The court-marital of Cpl. Jerry D. Rousseau, the Marine accused of raping and murdering an American school teacher in Morocco, opened yesterday in a small, cinder-block courtroom at the Quantico Marine Base with two of the victim's sisters looking on.
Rousseau, who was a guard assigned to the U.S. Embassy in Rabat at the time, is charged with raping and stabbing to death 39-year-old Dorothy Layton in her apartment in the Casbah only two weeks before she was to have rejoined her husband at a Missouri resort owned by the couple.
Rousseau, a boyish-faced 21-year-old, sat pale and solemn through the first day of trial, clasping a small black cross. Behind him sat a row of reporters and Opal Gestring and Rena McClain, sisters of the woman Rousseau is accused of killing.
Rousseau's two Marine lawyers immediately challenged the constitutionality of the death penalty, a legal possibility for the defendant, and the right of the military court to hear the case.
The defense attorneys argued that Rousseau fraudulently entered the Marines four years earlier by concealing his prior use of marijuana and that he therefore did not come under military authority.
The judge, Col. Robert E. Switzer, acknowledged outside the courtroom that if Rousseau can prove the recruiter who enlisted him was aware of his prior drug use and helped him to conceal that fact, as Rousseau contends, the court would be forced to dismiss the case against him.
Switzer also told a reporter that he did not believe a death penalty was likely to be carried out by the service.
Rena McClain, one of Mrs. Layton's sisters, said yesterday that she had wanted Rousseau tried in Morocco because she feared he would escape prosecution through a legal technicality or be released after a short prison term.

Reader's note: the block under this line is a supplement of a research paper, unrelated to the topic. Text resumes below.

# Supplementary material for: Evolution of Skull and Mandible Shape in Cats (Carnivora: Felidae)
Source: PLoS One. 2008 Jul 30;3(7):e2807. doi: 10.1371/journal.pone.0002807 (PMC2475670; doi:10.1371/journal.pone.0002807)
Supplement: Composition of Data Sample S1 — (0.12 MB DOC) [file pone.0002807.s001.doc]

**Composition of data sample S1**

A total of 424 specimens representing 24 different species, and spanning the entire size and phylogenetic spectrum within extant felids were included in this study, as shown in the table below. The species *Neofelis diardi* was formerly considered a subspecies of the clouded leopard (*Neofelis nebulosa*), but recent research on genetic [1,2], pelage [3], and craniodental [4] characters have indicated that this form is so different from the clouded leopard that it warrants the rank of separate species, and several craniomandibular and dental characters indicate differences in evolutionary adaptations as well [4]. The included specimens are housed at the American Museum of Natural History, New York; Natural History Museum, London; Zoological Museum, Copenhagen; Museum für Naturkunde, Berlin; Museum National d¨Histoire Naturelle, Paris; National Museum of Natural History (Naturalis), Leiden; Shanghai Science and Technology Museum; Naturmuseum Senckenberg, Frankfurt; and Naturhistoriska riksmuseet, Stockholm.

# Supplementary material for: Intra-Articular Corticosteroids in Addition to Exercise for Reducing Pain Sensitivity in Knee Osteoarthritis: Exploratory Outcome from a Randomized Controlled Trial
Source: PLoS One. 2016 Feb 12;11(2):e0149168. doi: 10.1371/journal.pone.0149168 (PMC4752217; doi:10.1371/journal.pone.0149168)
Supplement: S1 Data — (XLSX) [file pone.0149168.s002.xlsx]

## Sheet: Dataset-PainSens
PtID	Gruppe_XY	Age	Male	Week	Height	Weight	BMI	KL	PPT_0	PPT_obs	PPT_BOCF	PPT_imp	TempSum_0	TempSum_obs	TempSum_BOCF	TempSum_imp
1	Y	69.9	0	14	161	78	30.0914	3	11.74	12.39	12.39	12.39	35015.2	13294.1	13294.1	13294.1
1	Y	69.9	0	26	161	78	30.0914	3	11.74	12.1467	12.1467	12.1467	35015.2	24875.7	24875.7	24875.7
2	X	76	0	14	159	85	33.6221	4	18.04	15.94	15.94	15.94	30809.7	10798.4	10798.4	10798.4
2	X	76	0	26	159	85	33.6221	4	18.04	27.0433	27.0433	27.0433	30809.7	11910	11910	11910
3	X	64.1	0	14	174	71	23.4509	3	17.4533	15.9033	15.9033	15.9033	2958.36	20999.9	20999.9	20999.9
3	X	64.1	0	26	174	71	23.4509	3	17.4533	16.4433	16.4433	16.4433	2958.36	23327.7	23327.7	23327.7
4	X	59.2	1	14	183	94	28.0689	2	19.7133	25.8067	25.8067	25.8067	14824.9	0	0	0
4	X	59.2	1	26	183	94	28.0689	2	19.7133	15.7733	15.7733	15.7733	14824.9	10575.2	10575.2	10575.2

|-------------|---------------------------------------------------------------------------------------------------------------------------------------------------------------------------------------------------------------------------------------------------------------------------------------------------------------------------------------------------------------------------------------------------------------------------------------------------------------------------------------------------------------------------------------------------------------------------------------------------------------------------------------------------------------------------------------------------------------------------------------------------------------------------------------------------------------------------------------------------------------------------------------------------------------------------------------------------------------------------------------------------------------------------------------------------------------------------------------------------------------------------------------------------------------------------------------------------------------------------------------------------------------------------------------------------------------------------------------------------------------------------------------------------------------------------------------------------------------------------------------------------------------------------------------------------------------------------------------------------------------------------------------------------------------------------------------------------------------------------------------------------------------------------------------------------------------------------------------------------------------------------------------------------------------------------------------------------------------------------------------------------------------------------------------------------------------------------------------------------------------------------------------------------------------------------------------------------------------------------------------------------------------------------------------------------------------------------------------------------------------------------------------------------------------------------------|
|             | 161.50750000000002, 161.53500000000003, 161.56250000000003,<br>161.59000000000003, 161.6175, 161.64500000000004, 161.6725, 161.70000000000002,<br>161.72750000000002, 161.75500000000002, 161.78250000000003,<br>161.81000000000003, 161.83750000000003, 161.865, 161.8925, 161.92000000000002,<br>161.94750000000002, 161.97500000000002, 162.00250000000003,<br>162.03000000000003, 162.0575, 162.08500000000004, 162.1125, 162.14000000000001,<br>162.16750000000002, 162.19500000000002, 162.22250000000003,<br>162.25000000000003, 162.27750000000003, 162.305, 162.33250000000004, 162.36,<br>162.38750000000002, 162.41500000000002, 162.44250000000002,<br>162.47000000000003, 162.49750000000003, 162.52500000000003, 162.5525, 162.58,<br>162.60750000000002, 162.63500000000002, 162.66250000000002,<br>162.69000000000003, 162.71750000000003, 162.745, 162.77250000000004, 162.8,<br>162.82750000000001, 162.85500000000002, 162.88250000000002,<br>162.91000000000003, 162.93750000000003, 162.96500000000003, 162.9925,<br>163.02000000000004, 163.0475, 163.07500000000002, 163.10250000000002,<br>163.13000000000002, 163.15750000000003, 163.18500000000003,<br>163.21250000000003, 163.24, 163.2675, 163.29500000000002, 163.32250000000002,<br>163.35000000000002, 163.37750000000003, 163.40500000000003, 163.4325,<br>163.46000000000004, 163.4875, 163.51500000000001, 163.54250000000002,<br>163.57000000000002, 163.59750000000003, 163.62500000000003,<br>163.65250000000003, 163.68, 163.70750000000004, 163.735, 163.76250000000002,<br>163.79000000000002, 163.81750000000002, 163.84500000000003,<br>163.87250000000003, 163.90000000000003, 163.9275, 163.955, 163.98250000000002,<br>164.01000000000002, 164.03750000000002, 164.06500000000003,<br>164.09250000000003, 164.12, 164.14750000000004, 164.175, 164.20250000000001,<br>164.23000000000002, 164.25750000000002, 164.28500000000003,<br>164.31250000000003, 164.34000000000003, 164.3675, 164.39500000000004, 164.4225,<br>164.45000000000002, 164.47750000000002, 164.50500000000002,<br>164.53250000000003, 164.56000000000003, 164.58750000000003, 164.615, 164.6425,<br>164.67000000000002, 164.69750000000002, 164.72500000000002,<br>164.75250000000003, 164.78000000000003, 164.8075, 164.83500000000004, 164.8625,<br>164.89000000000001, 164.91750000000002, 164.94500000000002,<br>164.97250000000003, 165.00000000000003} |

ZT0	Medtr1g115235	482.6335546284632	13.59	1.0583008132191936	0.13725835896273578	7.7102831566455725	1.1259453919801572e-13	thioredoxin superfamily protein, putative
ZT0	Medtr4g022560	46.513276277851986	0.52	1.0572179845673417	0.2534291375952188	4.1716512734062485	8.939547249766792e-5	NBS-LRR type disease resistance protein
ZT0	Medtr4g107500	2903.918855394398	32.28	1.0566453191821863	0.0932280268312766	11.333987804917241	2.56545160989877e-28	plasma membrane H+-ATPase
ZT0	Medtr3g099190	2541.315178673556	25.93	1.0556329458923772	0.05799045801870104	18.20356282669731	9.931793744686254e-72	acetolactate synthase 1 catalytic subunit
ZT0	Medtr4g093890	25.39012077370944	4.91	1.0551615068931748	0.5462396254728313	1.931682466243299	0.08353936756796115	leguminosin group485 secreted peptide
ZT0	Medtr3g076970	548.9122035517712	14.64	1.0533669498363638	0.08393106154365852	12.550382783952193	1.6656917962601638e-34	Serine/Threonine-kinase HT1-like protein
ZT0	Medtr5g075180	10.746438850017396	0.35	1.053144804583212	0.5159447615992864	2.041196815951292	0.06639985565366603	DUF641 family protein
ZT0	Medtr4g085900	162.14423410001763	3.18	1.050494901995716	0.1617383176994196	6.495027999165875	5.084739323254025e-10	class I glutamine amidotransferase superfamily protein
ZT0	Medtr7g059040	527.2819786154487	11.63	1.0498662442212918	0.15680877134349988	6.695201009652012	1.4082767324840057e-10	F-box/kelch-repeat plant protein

Jurisdiction over the case of Cpl. Rousseau has been the subject of dispute between Moroccan authorities and the U.S. military. If the military tribunal is forced to dismiss the case, then Rousseau probably cannot be tried by either the Moroccan government or U.S. civilian courts, Switzer said.
Before the trial began, McClain, who has a heart condition and said she came from California against her doctor's orders, spoke of a suitcase of letters she has amassed over the past 15 years from her sister.
She quoted passages from her sister's letters that she had committed to memory. "I decided to sleep under the stars tonight. I knew I could make it," she said, quoting one such letter.
"I thought she was indestructible," McClain said of her sister, her eyes filling with tears. She said she had received five letters from her sister after she learned of her sister's death.
The trial is expected to last several weeks. Because of a shortage of airplane flights from North Africa and the inability of the court to subpoena witnesses out of the country, the case presents logistical problems for both defense and prosecution.